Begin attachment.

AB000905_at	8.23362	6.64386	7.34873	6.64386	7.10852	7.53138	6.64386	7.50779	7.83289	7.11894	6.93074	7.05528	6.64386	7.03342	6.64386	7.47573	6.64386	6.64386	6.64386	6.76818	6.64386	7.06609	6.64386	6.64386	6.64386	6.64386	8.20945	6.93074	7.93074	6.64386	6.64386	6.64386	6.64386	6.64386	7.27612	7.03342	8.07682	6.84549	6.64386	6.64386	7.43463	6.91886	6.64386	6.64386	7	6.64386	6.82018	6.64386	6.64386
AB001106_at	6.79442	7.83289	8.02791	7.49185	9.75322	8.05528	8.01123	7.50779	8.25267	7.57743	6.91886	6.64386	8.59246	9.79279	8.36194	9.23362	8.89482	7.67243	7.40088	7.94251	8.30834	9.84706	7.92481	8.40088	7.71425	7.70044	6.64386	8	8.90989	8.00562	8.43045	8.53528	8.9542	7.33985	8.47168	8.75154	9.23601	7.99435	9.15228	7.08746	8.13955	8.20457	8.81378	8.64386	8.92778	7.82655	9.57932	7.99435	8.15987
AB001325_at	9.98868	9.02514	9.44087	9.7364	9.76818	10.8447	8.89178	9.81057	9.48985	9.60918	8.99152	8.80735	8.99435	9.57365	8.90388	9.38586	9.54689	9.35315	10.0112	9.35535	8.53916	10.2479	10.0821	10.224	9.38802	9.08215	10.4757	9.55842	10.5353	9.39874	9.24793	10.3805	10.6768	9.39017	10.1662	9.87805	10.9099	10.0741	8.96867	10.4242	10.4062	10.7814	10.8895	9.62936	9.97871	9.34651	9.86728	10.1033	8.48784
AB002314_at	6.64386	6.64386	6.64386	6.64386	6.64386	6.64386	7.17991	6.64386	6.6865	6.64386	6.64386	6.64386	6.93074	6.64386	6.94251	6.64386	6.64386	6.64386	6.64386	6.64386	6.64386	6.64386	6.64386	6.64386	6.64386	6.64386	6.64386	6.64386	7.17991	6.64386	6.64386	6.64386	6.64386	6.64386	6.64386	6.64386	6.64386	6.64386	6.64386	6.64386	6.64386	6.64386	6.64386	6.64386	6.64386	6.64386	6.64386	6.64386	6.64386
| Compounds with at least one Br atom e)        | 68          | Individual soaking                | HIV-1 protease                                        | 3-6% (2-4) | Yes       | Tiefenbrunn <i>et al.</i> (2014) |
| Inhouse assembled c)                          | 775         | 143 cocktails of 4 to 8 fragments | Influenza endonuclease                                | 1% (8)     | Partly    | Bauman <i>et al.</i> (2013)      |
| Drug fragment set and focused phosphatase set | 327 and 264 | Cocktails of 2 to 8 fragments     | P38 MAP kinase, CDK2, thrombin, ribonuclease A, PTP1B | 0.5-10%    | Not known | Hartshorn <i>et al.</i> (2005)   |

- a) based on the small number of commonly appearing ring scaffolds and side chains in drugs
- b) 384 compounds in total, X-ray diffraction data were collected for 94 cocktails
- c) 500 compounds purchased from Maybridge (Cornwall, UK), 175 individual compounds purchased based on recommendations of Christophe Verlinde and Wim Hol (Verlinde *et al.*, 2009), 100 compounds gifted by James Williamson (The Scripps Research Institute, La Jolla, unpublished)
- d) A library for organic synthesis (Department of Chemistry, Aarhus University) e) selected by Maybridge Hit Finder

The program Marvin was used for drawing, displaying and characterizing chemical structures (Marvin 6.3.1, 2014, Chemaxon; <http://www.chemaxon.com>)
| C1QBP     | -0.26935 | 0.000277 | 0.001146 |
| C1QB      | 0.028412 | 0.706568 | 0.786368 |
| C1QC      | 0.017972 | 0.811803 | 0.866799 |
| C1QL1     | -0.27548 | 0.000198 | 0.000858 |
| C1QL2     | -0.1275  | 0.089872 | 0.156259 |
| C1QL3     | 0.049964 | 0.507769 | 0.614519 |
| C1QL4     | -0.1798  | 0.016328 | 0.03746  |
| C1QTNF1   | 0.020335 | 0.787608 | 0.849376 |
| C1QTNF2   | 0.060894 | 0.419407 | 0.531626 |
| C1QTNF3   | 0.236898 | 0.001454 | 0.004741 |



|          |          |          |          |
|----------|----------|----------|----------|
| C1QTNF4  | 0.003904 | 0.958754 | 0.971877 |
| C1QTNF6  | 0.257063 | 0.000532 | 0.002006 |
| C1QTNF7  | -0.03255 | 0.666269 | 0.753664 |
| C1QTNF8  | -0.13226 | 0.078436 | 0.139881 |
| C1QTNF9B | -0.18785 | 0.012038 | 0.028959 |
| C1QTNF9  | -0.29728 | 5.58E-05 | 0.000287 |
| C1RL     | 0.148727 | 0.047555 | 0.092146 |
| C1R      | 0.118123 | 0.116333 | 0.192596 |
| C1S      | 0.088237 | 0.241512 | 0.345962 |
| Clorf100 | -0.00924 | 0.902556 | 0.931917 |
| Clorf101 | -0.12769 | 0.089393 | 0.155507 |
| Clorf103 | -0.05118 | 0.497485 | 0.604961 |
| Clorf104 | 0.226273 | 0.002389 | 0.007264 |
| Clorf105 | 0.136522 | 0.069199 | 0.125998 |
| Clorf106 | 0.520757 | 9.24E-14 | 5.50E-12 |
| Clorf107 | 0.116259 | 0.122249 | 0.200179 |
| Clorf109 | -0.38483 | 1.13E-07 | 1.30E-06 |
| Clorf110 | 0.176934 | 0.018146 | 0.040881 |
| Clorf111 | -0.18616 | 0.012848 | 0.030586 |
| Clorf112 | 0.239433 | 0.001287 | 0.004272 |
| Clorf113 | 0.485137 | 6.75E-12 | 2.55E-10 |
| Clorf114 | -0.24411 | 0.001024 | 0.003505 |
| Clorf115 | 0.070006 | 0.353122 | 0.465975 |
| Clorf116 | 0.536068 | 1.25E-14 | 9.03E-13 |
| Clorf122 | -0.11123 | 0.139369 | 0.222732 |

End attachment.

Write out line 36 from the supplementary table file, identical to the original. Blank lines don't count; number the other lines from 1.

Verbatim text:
| Clorf103 | -0.05118 | 0.497485 | 0.604961 |